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Emergency housing, paperwork support and a bit of compassion: Kazakhs were trying to aid an influx of Russians who have fled to avoid being called up to fight in Ukraine.
Queues of vehicles and groups of Russians -- mostly young men -- dragging their suitcases at the Kazakhstan border this week echoed the outflow seen elsewhere from Russia since President Vladimir Putin ordered a draft.
"Every day, more and more people are coming, we simply don't know where to house them," said Diana Mukanayeva, who spontaneously came to help out at a train station at the border.
Kazakhstan has seen an unprecedented influx and by Tuesday said 98,000 Russians had arrived since Putin's call-up of 300,000 reservists to contribute to Moscow's war in Ukraine.
The surge has been seen elsewhere, including Finland, Georgia and Mongolia, as Russian men refuse to participate in the seven-month-old war that has drawn fierce opposition from the West.
Mukanayeva, wrapped up in a black duffle coat topped by a bright red volunteer vest, said Kazakhs understand the plight of Russians forced to "leaving everything behind and run".
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Russian men seeking refuge in a Central Asian nation was a reversal of the usual order, with migrants for decades leaving their homes in places like Kazakhstan, Kyrgyzstan and Uzbekistan to find work in Moscow and other Russian regions.
"(Russians) tell us: 'We don't want to kill and we don't want to be killed...' so we, as humans, we just help in any way we can," Mukanayeva added.
Some in Kazakhstan have even housed Russians for free -- valuable help since rent prices in the Kazakh regions neighbouring Russia have increased by up to 34 percent this week, according to rental website Krisha.
Given the influx, the northwestern border town of Oral first made its cinema and sport halls available to house Russians.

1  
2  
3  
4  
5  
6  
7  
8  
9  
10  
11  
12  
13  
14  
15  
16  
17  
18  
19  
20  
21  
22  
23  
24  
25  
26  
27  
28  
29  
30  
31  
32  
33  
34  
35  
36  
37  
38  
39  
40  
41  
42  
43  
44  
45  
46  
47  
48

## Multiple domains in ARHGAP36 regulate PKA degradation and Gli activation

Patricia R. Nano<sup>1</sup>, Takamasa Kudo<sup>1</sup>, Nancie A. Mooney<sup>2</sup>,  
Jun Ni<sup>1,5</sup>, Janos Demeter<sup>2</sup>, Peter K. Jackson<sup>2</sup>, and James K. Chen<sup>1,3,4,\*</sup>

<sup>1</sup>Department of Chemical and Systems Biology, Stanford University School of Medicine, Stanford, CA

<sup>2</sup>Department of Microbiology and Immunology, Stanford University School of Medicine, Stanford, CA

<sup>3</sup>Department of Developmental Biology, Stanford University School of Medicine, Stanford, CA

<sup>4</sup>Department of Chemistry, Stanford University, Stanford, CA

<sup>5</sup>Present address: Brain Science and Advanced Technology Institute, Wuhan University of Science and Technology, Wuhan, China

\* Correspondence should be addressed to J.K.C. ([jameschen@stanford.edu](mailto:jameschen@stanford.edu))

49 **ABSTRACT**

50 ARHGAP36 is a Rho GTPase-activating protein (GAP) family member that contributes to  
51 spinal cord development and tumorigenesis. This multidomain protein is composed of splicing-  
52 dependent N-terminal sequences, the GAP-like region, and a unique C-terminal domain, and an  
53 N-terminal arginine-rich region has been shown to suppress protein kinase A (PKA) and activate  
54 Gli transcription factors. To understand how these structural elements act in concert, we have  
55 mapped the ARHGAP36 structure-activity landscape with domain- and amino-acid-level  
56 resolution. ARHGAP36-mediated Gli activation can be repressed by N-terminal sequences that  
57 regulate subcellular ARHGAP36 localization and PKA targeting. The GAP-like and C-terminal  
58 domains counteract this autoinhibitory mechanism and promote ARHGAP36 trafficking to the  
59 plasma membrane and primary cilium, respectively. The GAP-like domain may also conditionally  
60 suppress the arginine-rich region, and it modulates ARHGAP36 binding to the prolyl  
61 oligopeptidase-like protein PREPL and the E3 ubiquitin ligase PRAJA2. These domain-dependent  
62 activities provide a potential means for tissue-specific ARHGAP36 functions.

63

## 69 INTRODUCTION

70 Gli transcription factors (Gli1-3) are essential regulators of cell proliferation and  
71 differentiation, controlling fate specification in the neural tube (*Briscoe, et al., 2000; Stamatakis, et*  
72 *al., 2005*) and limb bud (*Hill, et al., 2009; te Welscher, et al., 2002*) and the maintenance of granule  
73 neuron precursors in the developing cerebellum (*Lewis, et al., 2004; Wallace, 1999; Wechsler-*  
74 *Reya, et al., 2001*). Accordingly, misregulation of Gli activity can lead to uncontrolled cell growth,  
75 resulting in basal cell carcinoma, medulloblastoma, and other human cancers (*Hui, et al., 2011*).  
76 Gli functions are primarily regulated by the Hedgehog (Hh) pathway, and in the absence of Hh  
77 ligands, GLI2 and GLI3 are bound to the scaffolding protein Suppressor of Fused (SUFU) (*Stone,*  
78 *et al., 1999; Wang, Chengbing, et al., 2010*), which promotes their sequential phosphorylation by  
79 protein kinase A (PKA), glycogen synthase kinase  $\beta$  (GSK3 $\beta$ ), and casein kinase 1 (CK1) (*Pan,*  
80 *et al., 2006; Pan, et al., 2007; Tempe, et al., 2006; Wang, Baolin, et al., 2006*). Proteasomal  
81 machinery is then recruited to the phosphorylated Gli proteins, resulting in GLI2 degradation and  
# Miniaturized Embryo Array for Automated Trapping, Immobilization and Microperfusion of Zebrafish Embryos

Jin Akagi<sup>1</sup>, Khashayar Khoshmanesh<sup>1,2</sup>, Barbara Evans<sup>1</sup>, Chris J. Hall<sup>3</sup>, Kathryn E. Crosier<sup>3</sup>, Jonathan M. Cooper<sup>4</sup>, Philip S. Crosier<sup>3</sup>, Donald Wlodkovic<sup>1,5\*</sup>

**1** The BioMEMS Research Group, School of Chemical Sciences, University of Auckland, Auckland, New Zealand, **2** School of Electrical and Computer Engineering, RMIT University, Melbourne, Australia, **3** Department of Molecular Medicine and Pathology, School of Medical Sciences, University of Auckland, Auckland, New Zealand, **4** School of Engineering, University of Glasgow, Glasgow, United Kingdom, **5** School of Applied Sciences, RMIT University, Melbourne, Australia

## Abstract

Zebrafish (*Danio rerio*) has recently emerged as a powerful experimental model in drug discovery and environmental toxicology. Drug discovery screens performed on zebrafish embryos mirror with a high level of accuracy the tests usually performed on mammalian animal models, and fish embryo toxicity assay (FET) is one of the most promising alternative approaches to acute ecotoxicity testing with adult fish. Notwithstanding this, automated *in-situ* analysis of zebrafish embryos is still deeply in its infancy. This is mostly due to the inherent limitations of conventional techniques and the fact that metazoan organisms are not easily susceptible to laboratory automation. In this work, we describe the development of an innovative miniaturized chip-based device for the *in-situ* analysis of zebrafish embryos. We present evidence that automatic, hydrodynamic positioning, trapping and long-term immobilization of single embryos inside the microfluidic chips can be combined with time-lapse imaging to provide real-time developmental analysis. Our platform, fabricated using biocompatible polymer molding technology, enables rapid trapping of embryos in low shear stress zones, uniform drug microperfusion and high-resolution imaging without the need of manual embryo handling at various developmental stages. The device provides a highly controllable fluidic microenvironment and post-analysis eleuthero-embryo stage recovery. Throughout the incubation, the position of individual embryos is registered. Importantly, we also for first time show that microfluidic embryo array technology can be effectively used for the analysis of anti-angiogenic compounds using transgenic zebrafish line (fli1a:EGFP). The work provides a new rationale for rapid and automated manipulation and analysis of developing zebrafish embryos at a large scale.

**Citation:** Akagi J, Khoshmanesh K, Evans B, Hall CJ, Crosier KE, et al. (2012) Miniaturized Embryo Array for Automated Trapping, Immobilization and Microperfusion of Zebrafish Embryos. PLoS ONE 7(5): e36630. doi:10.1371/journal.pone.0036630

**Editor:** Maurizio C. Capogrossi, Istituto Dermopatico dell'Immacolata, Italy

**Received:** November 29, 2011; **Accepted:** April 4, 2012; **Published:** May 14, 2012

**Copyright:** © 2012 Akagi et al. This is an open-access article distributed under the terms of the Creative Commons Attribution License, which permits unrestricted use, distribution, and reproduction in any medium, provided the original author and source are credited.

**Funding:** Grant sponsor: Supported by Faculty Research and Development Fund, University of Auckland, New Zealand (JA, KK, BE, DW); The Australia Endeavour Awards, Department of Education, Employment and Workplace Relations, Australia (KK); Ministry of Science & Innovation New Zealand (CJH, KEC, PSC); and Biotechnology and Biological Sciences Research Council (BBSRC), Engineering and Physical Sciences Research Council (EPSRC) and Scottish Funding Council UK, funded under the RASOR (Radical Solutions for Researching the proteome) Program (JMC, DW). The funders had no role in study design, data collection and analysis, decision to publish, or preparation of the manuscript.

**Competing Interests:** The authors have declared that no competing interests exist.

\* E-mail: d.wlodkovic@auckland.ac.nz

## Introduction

But more have kept coming, so authorities opened a temporary welcoming centre at a children's summer camp and by Thursday about 200 people were in its colourful dorms.
Volunteers were helping register the newcomers -- a mandatory step for any Russian wishing to stay more than 30 days.
One of them was Yuri Shvyn, a 39-year-old estate agent from Moscow.
Shvyn says was "really surprised at the welcome we got at the border... everyone is helping out".
Kazakhs have also created help groups on messaging app Telegram with advice on how to get mobile phone cards or find a flat.
"We are all really stressed out, but now that we crossed the border, people are calming down a bit," said Shvyn, who left right after mobilisation was announced.
"But everyone is in the same state: we do not know what will be next," he added.
Shvyn was hesitant, saying he could try to go to another country or stay and look for work in Kazakhstan "depending on the situation".
On Tuesday, Kazakh President Kassym-Jomart Tokayev promised his country would ensure the care and safety of Russians fleeing a "hopeless" situation.
According to current rules, registered Russians can stay in Kazakhstan for 90 days without a visa.
Tatyana Keloskyna has been volunteering at the children's camp, helping register newcomers dealing with Kazakh bureaucracy.
"Many say they don't plan on leaving Kazakhstan, and want to look for a job here," Keloskyna said, so she and other volunteers walk them through the paperwork.
"Even our residents don't know how to do that," Keloskyna added with a laugh.
Near another border crossing in the northern Kazakh city of Petropavl, Mikhail Kondakov proudly showed AFP his first official Kazakh documents.
After a "very difficult, hard, fun and interesting" trip, the young Russian was starting to find his marks.
"We are almost settled, already found a place, and people have been super nice," he added, smiling.
But Kondakov's future is a "huge question mark" as he has no idea when he will be able to return to Russia, where his girlfriend remains.
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